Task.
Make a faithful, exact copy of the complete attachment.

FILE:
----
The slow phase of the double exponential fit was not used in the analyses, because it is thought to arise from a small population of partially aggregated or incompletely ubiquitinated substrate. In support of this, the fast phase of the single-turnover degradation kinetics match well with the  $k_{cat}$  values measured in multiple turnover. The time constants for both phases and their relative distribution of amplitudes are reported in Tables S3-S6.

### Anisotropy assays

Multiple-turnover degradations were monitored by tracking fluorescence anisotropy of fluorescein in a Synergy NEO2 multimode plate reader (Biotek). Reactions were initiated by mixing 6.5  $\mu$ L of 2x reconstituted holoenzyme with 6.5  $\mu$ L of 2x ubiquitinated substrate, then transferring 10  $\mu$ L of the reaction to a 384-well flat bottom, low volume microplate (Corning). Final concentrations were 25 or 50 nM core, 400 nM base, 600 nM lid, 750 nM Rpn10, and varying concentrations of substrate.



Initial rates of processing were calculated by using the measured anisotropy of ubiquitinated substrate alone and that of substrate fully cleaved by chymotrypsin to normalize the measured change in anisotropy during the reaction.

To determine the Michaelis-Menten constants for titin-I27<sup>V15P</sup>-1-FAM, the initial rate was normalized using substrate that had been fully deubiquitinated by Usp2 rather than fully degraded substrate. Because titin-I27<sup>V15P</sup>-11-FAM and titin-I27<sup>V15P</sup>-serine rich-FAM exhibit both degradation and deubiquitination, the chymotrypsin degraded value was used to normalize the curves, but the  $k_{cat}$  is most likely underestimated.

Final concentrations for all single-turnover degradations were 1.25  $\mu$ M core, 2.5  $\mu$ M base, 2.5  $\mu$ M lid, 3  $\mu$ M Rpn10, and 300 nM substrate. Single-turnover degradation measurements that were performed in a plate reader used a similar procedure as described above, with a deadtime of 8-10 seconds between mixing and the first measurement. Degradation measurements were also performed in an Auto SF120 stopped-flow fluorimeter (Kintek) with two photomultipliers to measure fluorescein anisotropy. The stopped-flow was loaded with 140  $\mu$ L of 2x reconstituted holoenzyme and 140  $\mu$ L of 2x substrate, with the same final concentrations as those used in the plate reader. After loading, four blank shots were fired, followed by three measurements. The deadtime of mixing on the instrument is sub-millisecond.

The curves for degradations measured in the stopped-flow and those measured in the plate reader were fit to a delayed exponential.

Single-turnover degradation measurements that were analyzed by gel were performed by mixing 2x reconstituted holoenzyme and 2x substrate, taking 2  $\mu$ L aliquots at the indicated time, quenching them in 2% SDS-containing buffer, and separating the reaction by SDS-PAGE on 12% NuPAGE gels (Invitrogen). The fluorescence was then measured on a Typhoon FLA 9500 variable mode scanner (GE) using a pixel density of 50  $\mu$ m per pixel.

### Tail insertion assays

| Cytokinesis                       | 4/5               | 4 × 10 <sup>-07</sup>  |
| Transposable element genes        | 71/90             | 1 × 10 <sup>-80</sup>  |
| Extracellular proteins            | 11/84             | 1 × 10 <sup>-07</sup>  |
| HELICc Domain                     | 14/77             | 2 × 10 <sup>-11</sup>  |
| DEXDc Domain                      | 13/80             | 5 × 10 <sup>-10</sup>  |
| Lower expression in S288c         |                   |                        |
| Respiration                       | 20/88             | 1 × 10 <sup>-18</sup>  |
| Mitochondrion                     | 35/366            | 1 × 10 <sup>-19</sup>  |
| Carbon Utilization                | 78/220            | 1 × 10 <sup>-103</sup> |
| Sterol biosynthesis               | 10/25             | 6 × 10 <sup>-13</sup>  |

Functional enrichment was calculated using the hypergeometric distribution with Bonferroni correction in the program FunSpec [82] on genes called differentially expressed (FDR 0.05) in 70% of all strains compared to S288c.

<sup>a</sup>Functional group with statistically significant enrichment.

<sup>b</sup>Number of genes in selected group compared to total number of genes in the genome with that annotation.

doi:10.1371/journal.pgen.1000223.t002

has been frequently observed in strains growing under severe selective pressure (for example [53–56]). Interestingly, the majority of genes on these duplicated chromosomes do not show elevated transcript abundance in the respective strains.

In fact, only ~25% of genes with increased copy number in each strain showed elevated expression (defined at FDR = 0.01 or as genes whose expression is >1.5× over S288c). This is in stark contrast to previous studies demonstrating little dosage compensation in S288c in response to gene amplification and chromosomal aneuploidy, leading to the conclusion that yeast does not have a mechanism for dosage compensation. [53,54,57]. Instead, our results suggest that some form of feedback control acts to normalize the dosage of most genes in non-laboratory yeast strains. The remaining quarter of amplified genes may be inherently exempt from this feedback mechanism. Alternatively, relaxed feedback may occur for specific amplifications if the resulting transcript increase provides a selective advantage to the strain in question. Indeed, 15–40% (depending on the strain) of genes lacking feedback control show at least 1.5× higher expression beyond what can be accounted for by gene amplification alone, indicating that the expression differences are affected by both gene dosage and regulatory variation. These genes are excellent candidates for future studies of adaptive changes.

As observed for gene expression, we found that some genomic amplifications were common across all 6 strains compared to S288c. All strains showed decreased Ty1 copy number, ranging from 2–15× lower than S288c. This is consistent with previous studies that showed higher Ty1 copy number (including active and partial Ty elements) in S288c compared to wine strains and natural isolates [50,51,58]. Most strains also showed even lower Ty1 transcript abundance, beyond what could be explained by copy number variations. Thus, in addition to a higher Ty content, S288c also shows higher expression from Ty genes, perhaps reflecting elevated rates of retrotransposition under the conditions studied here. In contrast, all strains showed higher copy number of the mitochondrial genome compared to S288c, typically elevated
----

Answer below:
The slow phase of the double exponential fit was not used in the analyses, because it is thought to arise from a small population of partially aggregated or incompletely ubiquitinated substrate. In support of this, the fast phase of the single-turnover degradation kinetics match well with the  $k_{cat}$  values measured in multiple turnover. The time constants for both phases and their relative distribution of amplitudes are reported in Tables S3-S6.

### Anisotropy assays

Multiple-turnover degradations were monitored by tracking fluorescence anisotropy of fluorescein in a Synergy NEO2 multimode plate reader (Biotek). Reactions were initiated by mixing 6.5  $\mu$ L of 2x reconstituted holoenzyme with 6.5  $\mu$ L of 2x ubiquitinated substrate, then transferring 10  $\mu$ L of the reaction to a 384-well flat bottom, low volume microplate (Corning). Final concentrations were 25 or 50 nM core, 400 nM base, 600 nM lid, 750 nM Rpn10, and varying concentrations of substrate.



Initial rates of processing were calculated by using the measured anisotropy of ubiquitinated substrate alone and that of substrate fully cleaved by chymotrypsin to normalize the measured change in anisotropy during the reaction.

To determine the Michaelis-Menten constants for titin-I27<sup>V15P</sup>-1-FAM, the initial rate was normalized using substrate that had been fully deubiquitinated by Usp2 rather than fully degraded substrate. Because titin-I27<sup>V15P</sup>-11-FAM and titin-I27<sup>V15P</sup>-serine rich-FAM exhibit both degradation and deubiquitination, the chymotrypsin degraded value was used to normalize the curves, but the  $k_{cat}$  is most likely underestimated.

Final concentrations for all single-turnover degradations were 1.25  $\mu$ M core, 2.5  $\mu$ M base, 2.5  $\mu$ M lid, 3  $\mu$ M Rpn10, and 300 nM substrate. Single-turnover degradation measurements that were performed in a plate reader used a similar procedure as described above, with a deadtime of 8-10 seconds between mixing and the first measurement. Degradation measurements were also performed in an Auto SF120 stopped-flow fluorimeter (Kintek) with two photomultipliers to measure fluorescein anisotropy. The stopped-flow was loaded with 140  $\mu$ L of 2x reconstituted holoenzyme and 140  $\mu$ L of 2x substrate, with the same final concentrations as those used in the plate reader. After loading, four blank shots were fired, followed by three measurements. The deadtime of mixing on the instrument is sub-millisecond.

The curves for degradations measured in the stopped-flow and those measured in the plate reader were fit to a delayed exponential.

Single-turnover degradation measurements that were analyzed by gel were performed by mixing 2x reconstituted holoenzyme and 2x substrate, taking 2  $\mu$ L aliquots at the indicated time, quenching them in 2% SDS-containing buffer, and separating the reaction by SDS-PAGE on 12% NuPAGE gels (Invitrogen). The fluorescence was then measured on a Typhoon FLA 9500 variable mode scanner (GE) using a pixel density of 50  $\mu$ m per pixel.

### Tail insertion assays

| Cytokinesis                       | 4/5               | 4 × 10 <sup>-07</sup>  |
| Transposable element genes        | 71/90             | 1 × 10 <sup>-80</sup>  |
| Extracellular proteins            | 11/84             | 1 × 10 <sup>-07</sup>  |
| HELICc Domain                     | 14/77             | 2 × 10 <sup>-11</sup>  |
| DEXDc Domain                      | 13/80             | 5 × 10 <sup>-10</sup>  |
| Lower expression in S288c         |                   |                        |
| Respiration                       | 20/88             | 1 × 10 <sup>-18</sup>  |
| Mitochondrion                     | 35/366            | 1 × 10 <sup>-19</sup>  |
| Carbon Utilization                | 78/220            | 1 × 10 <sup>-103</sup> |
| Sterol biosynthesis               | 10/25             | 6 × 10 <sup>-13</sup>  |

Functional enrichment was calculated using the hypergeometric distribution with Bonferroni correction in the program FunSpec [82] on genes called differentially expressed (FDR 0.05) in 70% of all strains compared to S288c.

<sup>a</sup>Functional group with statistically significant enrichment.

<sup>b</sup>Number of genes in selected group compared to total number of genes in the genome with that annotation.

doi:10.1371/journal.pgen.1000223.t002

has been frequently observed in strains growing under severe selective pressure (for example [53–56]). Interestingly, the majority of genes on these duplicated chromosomes do not show elevated transcript abundance in the respective strains.

In fact, only ~25% of genes with increased copy number in each strain showed elevated expression (defined at FDR = 0.01 or as genes whose expression is >1.5× over S288c). This is in stark contrast to previous studies demonstrating little dosage compensation in S288c in response to gene amplification and chromosomal aneuploidy, leading to the conclusion that yeast does not have a mechanism for dosage compensation. [53,54,57]. Instead, our results suggest that some form of feedback control acts to normalize the dosage of most genes in non-laboratory yeast strains. The remaining quarter of amplified genes may be inherently exempt from this feedback mechanism. Alternatively, relaxed feedback may occur for specific amplifications if the resulting transcript increase provides a selective advantage to the strain in question. Indeed, 15–40% (depending on the strain) of genes lacking feedback control show at least 1.5× higher expression beyond what can be accounted for by gene amplification alone, indicating that the expression differences are affected by both gene dosage and regulatory variation. These genes are excellent candidates for future studies of adaptive changes.

As observed for gene expression, we found that some genomic amplifications were common across all 6 strains compared to S288c. All strains showed decreased Ty1 copy number, ranging from 2–15× lower than S288c. This is consistent with previous studies that showed higher Ty1 copy number (including active and partial Ty elements) in S288c compared to wine strains and natural isolates [50,51,58]. Most strains also showed even lower Ty1 transcript abundance, beyond what could be explained by copy number variations. Thus, in addition to a higher Ty content, S288c also shows higher expression from Ty genes, perhaps reflecting elevated rates of retrotransposition under the conditions studied here. In contrast, all strains showed higher copy number of the mitochondrial genome compared to S288c, typically elevated